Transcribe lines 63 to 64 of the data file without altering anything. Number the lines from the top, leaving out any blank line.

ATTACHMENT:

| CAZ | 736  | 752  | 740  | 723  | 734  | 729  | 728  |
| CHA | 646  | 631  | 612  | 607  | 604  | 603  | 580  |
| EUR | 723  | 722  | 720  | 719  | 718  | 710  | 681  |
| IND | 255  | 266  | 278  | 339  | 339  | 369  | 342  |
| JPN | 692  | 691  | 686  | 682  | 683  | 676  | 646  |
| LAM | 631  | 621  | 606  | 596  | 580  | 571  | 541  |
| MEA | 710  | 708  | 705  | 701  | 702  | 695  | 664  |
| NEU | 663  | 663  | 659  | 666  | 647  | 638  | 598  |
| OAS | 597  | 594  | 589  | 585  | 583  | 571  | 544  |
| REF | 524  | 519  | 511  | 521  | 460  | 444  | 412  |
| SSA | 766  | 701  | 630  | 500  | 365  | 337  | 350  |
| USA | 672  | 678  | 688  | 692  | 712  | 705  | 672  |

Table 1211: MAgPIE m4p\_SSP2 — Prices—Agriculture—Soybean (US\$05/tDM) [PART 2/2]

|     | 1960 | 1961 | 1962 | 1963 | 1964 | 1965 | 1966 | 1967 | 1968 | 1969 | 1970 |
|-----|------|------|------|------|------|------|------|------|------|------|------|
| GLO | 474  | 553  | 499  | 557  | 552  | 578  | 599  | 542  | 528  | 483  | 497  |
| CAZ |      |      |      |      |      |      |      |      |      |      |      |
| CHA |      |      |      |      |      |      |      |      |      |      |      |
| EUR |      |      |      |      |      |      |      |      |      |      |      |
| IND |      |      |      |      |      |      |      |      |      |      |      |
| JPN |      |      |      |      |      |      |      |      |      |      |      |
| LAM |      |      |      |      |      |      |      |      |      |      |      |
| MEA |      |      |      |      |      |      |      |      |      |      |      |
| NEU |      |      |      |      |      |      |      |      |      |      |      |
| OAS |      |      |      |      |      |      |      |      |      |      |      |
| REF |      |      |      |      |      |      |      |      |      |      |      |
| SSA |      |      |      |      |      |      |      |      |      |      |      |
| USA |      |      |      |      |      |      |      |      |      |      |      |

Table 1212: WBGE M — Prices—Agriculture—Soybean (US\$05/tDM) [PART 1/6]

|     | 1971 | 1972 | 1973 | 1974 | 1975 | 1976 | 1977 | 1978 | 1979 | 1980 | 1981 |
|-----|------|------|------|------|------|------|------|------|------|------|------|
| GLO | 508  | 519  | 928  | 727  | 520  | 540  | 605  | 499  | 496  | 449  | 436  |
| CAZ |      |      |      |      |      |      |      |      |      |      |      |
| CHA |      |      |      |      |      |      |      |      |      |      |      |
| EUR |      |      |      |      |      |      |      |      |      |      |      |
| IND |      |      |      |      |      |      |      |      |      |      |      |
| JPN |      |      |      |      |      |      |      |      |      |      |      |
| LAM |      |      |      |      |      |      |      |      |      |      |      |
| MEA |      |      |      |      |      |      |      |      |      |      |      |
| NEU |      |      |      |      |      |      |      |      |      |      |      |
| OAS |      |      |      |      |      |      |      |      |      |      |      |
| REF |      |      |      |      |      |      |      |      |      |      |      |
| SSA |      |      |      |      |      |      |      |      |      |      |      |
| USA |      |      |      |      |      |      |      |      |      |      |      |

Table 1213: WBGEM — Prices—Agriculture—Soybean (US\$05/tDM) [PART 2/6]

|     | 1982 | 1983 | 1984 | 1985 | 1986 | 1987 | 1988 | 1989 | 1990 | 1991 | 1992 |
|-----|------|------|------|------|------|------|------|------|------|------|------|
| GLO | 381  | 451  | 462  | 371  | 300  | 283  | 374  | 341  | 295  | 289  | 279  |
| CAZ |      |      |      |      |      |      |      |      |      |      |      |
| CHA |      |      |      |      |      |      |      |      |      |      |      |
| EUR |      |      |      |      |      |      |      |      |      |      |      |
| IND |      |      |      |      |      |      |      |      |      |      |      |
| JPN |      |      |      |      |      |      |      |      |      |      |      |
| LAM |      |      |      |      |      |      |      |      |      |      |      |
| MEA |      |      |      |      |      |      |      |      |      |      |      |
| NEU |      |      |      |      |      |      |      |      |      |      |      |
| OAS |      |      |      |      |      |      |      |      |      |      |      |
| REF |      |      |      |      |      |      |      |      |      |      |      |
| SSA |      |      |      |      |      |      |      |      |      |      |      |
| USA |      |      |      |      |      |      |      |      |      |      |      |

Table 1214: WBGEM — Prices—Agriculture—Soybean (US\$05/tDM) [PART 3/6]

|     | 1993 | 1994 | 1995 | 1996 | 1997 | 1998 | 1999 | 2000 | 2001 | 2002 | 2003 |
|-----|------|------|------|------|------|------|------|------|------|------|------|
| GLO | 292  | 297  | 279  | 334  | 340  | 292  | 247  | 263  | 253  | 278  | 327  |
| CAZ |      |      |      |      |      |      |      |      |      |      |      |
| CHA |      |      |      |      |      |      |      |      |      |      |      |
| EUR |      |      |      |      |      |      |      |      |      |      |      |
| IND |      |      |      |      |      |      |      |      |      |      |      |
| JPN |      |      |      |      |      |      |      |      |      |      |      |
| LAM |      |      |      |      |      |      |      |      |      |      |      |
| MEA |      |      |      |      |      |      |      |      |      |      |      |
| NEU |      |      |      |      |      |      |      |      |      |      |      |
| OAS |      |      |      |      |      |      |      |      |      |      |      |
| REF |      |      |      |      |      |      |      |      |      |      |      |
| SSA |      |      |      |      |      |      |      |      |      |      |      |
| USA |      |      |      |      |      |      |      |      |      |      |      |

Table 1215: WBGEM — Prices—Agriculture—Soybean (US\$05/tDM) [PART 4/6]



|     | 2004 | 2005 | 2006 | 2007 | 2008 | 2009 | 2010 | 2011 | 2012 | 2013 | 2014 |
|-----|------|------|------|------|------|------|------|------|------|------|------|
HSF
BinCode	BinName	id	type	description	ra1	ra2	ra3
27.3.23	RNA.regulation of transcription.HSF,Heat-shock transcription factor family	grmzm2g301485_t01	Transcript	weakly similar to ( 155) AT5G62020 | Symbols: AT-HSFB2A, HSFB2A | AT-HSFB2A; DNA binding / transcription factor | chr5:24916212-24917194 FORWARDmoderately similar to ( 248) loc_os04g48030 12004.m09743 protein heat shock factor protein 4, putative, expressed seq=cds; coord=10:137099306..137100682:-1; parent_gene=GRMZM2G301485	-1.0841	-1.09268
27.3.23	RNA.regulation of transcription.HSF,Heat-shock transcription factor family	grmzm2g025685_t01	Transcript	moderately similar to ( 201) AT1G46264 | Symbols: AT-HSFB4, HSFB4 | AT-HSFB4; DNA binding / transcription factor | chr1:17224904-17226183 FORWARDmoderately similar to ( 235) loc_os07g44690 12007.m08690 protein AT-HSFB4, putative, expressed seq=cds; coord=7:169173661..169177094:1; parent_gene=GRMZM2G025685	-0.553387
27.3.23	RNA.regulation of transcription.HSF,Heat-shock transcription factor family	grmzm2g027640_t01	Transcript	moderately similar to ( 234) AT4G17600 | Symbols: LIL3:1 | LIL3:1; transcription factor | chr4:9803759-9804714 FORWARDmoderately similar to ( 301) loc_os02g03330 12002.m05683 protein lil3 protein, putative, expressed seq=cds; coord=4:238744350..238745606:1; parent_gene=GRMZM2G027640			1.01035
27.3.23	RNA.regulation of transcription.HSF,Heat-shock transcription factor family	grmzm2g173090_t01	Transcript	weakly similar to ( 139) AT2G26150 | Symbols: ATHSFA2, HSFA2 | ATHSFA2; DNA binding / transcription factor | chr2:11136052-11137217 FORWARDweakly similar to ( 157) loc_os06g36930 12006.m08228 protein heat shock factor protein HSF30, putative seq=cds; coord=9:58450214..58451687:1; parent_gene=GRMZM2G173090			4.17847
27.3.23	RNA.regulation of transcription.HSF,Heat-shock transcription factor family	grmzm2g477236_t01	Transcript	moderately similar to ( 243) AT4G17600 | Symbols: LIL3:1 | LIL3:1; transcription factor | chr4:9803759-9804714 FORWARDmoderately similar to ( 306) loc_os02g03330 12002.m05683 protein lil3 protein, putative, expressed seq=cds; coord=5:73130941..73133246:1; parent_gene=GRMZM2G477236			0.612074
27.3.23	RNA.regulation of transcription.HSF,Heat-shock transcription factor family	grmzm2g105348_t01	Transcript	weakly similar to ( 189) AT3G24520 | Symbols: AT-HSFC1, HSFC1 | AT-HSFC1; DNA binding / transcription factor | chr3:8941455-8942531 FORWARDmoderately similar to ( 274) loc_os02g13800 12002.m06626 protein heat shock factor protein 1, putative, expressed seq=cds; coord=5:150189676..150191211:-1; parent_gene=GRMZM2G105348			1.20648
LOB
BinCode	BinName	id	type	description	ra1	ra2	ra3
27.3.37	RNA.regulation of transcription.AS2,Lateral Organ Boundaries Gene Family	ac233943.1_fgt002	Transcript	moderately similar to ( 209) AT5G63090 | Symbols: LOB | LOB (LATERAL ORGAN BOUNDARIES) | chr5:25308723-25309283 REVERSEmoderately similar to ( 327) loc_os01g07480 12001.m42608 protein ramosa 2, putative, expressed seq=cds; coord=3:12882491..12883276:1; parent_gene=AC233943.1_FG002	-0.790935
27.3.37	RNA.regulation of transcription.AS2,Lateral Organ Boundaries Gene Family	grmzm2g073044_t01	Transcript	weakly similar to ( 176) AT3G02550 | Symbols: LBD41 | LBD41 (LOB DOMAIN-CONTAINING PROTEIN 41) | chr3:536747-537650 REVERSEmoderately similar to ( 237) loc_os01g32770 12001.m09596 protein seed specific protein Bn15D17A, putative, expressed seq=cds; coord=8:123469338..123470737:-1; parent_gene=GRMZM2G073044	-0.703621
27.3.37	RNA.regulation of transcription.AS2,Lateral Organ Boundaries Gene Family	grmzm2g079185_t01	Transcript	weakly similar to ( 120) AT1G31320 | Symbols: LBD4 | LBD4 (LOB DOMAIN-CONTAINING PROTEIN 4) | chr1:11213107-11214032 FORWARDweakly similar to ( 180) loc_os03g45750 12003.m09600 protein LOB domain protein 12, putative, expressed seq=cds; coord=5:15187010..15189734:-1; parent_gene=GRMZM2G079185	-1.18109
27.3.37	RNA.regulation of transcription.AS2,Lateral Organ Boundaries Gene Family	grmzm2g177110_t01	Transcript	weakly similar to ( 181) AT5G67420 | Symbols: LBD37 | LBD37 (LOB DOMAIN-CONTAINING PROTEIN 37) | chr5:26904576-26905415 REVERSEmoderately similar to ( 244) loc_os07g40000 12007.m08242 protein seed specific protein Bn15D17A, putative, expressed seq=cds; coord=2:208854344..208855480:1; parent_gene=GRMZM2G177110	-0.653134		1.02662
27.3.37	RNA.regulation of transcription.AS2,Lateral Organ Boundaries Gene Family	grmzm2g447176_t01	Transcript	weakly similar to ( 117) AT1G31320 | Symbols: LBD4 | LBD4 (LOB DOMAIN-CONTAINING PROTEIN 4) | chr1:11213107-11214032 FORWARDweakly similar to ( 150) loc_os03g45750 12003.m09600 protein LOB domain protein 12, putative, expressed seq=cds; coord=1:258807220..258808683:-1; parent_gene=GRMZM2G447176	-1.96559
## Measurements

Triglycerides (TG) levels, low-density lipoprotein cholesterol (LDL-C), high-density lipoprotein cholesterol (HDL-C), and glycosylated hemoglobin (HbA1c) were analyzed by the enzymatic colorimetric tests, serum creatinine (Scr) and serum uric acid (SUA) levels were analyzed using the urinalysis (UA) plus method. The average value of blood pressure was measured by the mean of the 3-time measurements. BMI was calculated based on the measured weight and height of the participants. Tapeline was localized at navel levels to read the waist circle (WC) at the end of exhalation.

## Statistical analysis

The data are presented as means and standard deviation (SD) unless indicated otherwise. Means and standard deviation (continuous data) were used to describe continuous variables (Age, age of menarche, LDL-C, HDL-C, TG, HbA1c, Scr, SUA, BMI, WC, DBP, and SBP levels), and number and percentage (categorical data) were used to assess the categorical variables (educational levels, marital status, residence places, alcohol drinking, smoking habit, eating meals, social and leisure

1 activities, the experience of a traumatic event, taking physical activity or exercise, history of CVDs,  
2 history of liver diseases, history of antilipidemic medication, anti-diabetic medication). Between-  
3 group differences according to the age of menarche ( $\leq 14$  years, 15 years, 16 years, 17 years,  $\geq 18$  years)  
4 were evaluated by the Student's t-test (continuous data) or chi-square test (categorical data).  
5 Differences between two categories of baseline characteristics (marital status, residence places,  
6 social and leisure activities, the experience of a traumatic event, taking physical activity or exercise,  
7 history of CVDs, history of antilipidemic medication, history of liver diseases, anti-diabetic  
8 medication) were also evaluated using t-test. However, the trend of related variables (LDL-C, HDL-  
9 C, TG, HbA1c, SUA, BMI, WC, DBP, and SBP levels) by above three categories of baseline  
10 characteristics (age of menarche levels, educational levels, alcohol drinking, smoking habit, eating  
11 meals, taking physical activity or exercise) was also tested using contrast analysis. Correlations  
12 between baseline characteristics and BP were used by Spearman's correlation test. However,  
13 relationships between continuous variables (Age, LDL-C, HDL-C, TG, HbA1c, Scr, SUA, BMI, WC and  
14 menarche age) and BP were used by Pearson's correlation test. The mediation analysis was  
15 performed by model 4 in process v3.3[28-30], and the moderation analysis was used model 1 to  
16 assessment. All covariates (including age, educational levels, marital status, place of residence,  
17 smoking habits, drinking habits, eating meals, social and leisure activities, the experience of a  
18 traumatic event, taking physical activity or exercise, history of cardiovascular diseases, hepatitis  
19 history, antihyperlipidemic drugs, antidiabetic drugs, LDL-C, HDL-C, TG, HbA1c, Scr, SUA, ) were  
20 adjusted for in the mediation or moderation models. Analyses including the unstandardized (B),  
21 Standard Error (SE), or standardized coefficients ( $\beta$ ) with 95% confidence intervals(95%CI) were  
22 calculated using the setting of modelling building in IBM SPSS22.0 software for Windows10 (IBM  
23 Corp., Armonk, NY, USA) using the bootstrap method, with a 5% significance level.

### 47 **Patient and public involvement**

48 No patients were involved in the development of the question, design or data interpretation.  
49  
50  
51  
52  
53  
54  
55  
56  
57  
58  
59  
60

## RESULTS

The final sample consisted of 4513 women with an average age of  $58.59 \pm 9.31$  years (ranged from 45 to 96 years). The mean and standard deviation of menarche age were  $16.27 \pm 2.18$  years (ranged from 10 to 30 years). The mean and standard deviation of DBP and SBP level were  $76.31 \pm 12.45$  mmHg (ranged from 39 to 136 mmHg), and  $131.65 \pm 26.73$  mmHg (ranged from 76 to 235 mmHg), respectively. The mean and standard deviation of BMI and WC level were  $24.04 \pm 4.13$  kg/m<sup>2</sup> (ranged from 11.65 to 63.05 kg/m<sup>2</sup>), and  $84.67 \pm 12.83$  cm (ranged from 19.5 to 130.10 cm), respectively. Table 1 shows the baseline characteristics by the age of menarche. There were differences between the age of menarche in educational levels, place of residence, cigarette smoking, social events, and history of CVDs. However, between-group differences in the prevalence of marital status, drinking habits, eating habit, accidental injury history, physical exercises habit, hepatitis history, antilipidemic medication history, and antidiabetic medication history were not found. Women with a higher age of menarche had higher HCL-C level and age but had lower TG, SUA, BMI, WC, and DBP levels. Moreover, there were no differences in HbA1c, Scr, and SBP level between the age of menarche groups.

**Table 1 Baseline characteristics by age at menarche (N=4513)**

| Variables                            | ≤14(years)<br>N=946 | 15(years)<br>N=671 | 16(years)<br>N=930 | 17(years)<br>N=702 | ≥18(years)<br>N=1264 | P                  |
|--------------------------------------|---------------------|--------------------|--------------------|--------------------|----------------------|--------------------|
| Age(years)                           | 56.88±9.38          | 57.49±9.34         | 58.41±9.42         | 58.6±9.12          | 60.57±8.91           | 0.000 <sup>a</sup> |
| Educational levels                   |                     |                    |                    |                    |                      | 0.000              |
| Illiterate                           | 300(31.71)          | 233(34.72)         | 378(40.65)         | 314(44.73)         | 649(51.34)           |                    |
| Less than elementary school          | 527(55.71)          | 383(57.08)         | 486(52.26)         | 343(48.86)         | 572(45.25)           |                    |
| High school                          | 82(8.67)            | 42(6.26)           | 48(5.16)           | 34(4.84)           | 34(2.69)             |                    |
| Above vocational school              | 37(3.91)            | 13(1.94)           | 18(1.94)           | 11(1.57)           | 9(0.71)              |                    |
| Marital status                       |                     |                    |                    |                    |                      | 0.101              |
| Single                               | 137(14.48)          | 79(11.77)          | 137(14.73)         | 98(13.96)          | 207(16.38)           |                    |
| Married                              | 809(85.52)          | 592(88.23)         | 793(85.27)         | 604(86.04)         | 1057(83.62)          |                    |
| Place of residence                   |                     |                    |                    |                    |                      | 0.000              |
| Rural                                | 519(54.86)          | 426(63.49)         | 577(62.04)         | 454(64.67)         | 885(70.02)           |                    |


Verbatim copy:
|-----|------|------|------|------|------|------|------|------|------|------|------|
| GLO | 292  | 297  | 279  | 334  | 340  | 292  | 247  | 263  | 253  | 278  | 327  |